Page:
Creating Your Own Custom Session ID

Summary

In this blog post I’m going to talk about the ID manager used by the .Net HttpContext.Current.Session and how to customize the ID that is generated to create a more secure ID.

Session ID

The session ID that is created when you use the Session object is contained in a cookie named ASP.NET_SessionId by default.  You can override the cookie name in the web.config file by using the following syntax:

<configuration>
    <system.web>
        <sessionState cookieName=”MySessionID” />
    </system.web>
</configuration>
 

This will cause the cookie to be named “MySessionID”.  You can also set the session to become cookieless.  I’m not go into cookieless sessions in this blog post.  What I am going to talk about is how to override the mechanism that generates the actual session id stored inside the cookie.  In a future blog post I’ll take this further and discuss how the cookie generation code can be modified to give you more control over this process.

The default .Net algorithm that is used to generate the id uses lower case characters ‘a’ thorugh ‘z’ and the numbers ‘0’ through ‘5’.  The reason for this sequence is that they are safe to use in a URL if you switch to cookieless.  The choice of only 6 numbers is due to the fact that the total characters to choose from becomes 32, which is an even binary number.  That allows the random number generator used to choose the letter for each digit to be un-biased.  For an excellent article about random number biasing when using the mod function I’ll refer you to this blog post: How much bias is introduced by the remainder technique?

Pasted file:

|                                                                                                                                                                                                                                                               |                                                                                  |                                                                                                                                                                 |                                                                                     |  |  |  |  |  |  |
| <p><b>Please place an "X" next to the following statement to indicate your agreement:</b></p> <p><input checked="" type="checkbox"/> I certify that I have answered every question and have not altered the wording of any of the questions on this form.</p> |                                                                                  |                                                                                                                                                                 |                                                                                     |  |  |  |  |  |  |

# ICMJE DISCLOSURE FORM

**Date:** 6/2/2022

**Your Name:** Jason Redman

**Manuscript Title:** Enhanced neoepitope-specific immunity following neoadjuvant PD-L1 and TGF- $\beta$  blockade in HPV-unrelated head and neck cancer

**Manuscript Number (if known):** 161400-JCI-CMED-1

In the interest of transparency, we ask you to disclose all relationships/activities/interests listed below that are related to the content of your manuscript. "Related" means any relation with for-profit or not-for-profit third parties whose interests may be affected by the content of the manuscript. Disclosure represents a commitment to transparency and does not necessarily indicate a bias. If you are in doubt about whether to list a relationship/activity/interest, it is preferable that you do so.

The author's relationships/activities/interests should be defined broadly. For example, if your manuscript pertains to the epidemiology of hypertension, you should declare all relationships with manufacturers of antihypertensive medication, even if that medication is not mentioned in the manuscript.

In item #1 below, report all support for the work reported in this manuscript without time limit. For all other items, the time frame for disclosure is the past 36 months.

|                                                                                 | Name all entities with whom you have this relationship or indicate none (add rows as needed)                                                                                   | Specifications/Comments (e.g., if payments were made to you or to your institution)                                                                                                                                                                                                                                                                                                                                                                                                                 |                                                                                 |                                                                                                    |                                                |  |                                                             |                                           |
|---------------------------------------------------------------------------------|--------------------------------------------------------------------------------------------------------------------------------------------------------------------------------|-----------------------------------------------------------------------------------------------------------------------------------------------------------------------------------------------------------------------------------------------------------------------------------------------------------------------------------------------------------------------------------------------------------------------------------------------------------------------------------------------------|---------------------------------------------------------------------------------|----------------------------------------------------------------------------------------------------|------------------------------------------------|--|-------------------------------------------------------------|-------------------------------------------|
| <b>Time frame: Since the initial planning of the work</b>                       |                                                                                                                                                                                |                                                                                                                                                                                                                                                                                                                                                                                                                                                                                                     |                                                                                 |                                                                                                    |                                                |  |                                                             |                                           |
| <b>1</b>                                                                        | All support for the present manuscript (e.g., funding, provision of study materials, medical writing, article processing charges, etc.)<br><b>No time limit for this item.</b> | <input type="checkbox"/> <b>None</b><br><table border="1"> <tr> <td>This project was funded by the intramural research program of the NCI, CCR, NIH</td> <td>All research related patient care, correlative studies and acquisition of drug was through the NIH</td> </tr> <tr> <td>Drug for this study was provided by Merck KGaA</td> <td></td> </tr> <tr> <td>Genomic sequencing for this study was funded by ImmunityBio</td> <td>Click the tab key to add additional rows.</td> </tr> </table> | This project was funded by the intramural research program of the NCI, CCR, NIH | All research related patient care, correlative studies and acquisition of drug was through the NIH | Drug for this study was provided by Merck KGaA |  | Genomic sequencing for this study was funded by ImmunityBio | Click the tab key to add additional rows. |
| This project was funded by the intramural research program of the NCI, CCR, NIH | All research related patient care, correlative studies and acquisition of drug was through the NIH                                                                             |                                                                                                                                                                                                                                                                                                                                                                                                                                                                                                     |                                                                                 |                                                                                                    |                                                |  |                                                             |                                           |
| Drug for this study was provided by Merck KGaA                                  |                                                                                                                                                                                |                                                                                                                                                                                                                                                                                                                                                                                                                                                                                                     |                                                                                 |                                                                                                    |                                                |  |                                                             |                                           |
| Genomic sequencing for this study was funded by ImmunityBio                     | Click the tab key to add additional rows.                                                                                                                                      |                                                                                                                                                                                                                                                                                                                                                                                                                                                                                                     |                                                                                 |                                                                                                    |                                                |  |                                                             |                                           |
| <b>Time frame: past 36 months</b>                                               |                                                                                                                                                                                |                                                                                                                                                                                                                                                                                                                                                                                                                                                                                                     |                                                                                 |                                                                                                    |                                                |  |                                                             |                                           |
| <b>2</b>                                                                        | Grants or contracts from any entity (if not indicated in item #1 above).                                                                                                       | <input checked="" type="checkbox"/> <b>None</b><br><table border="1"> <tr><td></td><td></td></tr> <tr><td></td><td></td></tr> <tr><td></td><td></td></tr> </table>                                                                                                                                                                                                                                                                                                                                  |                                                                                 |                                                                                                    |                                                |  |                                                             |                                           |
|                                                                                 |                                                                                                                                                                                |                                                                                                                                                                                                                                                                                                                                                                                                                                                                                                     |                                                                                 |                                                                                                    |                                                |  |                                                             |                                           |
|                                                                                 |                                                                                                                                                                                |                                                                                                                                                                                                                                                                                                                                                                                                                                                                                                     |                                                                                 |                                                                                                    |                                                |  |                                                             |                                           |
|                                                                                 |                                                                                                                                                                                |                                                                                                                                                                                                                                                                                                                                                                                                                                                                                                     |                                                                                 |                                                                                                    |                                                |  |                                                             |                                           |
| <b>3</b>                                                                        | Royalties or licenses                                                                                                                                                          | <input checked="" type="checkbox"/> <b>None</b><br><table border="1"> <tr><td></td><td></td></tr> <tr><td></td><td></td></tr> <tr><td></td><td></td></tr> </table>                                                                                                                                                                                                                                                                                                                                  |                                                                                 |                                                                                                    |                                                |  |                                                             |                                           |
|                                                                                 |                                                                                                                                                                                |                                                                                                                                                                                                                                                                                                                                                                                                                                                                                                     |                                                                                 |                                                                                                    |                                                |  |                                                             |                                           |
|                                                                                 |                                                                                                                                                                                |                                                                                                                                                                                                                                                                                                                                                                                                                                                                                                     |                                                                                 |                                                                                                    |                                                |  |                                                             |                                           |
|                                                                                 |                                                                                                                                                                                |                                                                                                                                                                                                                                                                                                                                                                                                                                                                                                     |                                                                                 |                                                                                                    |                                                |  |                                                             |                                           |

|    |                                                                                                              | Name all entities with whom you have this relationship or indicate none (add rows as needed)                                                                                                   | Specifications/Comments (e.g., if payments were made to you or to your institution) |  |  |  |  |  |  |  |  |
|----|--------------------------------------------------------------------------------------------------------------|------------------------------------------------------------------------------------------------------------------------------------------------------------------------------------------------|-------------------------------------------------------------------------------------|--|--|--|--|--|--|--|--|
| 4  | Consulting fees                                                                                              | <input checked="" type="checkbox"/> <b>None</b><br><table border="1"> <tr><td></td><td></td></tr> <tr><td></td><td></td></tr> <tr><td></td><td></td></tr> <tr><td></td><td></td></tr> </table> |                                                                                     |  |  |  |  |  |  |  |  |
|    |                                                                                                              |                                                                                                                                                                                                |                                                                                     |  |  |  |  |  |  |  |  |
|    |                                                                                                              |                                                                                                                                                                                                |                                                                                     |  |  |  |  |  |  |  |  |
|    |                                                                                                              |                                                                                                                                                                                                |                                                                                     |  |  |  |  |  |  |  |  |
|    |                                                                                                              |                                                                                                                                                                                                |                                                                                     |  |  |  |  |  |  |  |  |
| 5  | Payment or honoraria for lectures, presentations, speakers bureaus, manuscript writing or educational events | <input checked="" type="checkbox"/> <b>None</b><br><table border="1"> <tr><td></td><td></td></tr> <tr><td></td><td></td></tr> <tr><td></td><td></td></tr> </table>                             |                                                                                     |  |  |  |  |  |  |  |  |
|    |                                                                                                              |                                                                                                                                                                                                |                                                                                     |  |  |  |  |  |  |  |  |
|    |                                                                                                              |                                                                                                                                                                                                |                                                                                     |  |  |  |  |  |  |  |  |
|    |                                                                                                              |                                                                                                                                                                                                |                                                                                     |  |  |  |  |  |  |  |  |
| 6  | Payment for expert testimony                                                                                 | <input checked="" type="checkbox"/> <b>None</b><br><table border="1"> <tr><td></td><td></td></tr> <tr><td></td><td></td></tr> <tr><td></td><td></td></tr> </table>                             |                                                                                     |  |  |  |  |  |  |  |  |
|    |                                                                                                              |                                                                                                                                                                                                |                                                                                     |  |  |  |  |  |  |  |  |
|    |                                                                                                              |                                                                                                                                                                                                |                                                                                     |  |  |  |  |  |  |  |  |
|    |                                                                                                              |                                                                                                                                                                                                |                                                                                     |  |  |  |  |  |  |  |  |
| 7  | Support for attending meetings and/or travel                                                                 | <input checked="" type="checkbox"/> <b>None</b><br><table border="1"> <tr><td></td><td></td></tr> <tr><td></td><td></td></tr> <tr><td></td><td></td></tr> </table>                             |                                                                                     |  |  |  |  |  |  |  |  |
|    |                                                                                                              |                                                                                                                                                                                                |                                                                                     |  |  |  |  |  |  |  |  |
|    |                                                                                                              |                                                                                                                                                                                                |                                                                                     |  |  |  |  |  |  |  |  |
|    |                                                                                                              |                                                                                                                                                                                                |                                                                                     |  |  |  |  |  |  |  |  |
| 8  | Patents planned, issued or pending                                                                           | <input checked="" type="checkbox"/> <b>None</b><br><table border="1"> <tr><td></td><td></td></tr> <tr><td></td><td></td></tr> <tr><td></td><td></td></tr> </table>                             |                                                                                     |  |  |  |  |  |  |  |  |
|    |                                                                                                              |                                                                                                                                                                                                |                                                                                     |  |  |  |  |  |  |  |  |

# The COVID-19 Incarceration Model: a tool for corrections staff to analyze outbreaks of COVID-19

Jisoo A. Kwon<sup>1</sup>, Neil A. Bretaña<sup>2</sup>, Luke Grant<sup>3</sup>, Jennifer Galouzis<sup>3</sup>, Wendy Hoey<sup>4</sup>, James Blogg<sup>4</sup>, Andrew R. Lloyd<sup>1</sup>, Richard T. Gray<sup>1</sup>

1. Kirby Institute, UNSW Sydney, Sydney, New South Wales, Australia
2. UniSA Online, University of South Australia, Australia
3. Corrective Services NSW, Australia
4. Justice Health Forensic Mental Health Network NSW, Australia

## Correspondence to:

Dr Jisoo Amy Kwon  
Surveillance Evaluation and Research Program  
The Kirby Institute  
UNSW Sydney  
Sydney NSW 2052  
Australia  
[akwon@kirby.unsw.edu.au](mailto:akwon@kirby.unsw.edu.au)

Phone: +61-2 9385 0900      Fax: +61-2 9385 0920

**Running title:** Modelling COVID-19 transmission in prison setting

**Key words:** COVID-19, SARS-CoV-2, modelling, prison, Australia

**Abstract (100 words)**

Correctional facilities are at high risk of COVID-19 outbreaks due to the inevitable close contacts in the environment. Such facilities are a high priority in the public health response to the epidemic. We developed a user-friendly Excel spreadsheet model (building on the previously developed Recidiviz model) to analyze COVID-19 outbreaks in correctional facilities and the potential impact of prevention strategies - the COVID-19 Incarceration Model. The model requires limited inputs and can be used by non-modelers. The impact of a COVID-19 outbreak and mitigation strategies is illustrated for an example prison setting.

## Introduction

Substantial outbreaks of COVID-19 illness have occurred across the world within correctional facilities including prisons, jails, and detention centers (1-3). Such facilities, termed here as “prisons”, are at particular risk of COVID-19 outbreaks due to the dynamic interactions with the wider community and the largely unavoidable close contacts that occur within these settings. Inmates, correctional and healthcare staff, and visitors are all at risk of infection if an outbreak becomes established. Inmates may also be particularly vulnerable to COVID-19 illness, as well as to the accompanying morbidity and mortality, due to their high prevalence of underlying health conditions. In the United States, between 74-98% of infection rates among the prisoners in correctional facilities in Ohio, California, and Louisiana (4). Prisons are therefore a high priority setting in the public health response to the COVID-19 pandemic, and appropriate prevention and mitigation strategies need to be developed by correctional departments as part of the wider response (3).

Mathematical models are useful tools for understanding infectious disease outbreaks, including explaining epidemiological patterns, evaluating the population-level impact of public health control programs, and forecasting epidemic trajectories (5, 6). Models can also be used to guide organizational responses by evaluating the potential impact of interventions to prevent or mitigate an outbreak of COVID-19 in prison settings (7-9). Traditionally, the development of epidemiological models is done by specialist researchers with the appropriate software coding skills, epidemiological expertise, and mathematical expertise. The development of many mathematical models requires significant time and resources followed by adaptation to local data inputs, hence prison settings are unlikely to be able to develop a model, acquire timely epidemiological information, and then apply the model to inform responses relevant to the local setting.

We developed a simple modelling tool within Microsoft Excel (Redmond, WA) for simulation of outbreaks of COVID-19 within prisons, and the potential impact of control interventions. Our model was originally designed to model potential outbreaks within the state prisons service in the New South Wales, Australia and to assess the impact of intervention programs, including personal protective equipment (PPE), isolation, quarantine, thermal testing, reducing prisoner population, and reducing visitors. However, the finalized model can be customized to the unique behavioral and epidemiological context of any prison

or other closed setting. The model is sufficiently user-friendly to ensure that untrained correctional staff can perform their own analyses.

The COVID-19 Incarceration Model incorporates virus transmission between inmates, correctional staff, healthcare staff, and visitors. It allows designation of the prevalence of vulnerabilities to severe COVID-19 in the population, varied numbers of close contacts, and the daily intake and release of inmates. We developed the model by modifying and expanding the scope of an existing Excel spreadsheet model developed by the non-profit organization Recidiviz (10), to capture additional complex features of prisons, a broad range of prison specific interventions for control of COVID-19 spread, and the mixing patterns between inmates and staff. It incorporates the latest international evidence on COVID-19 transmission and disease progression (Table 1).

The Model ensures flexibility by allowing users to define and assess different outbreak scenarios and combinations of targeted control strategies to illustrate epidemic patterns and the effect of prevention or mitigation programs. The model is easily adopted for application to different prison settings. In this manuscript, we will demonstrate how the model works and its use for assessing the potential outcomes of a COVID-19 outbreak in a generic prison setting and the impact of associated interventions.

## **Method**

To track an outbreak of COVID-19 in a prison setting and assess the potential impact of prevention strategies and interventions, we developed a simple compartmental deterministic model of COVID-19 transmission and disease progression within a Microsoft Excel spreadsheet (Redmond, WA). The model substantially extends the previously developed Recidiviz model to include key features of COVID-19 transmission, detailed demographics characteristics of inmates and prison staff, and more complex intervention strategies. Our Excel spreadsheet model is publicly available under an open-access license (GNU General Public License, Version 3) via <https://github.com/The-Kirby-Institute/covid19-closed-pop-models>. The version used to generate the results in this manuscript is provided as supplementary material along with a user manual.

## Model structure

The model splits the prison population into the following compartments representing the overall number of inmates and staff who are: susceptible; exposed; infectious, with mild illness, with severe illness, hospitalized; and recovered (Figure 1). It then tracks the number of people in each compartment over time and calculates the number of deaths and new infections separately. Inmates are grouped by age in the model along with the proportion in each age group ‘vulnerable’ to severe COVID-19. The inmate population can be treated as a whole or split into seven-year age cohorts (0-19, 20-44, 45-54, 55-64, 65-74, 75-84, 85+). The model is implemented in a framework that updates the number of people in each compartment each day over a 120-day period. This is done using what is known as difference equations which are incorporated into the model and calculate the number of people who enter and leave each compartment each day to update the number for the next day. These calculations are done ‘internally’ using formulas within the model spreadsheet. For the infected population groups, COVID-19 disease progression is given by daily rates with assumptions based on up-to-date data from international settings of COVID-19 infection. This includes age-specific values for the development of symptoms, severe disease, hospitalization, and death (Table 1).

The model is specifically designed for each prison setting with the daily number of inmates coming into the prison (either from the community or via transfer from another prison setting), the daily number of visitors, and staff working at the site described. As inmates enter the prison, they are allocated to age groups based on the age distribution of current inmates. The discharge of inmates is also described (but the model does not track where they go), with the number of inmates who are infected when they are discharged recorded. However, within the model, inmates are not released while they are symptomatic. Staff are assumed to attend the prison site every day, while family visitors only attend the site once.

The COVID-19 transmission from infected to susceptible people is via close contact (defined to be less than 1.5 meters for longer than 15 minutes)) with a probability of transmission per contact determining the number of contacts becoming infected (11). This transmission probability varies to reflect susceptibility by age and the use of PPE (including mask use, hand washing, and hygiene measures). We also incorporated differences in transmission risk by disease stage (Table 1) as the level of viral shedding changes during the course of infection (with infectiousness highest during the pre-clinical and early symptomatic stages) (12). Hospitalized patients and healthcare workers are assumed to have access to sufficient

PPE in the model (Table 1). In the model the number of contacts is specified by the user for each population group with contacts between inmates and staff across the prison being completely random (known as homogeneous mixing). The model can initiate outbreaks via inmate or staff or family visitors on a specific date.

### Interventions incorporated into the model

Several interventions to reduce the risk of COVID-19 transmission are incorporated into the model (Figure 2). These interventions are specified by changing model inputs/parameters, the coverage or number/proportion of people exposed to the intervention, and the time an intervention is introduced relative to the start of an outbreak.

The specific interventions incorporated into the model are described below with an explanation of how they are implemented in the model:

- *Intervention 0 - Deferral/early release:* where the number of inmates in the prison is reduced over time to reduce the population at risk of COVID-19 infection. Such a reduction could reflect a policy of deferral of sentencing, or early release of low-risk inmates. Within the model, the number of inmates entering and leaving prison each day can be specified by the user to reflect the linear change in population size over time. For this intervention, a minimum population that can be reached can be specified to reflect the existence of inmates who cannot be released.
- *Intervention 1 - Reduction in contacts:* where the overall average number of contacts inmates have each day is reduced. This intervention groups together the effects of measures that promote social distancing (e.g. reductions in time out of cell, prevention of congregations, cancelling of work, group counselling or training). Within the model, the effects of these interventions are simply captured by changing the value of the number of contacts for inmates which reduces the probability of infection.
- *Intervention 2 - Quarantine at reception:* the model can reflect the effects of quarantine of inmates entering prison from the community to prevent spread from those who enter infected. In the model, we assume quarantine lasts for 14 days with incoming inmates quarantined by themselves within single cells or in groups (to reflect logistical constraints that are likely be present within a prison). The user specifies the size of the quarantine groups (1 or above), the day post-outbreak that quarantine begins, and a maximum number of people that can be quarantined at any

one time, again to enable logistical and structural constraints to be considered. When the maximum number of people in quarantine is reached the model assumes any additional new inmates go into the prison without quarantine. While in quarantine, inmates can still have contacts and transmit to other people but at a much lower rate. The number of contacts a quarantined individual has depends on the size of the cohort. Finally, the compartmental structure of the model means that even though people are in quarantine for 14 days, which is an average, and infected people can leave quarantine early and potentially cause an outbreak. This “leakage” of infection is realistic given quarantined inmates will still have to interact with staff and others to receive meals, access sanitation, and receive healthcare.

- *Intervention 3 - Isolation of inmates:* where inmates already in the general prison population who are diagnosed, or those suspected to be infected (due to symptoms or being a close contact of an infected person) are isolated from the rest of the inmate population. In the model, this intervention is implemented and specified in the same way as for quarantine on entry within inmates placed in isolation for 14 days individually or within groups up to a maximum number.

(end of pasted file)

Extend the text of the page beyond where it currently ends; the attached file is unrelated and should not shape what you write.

The SessionIDManager Object

The SessionIDManager object is what performs the id generation and I’m going to show how to override the CreateSessionID() and Validate() methods in order to generate your own session id.  Microsoft has sample code here: SessionIDManager.CreateSessionID Method (HttpContext) using a GUID for the id.  DON’T DO IT THIS WAY!  This is a very simple and quick way to generate a custom id, but it’s also relatively easy to hack.  The problem with the GUID is that it is unique, but it is not random.  It’s pseudo-random and predictable.  If you refer to RFC4122, section 6:

Do not assume that UUIDs are hard to guess; they should not be used as security capabilities (identifiers whose mere possession grants access), for example. A predictable random number source will exacerbate the situation.

Make sure you use a cryptographically random number generator.  For this we can use the RNGCryptoServiceProvider object.  In addition to this, I’m going to make the key length 64 characters (you can go up to 80).  Here’s the C# code in total:

using System.Web;
using System.Web.SessionState;
using System.Security.Cryptography;
using System.Linq;

namespace MyCustomSession
{
    public class CustomSessionIDManager : SessionIDManager
    {
        public const int KEY_LENGTH = 64;
        private char[] Encoding = {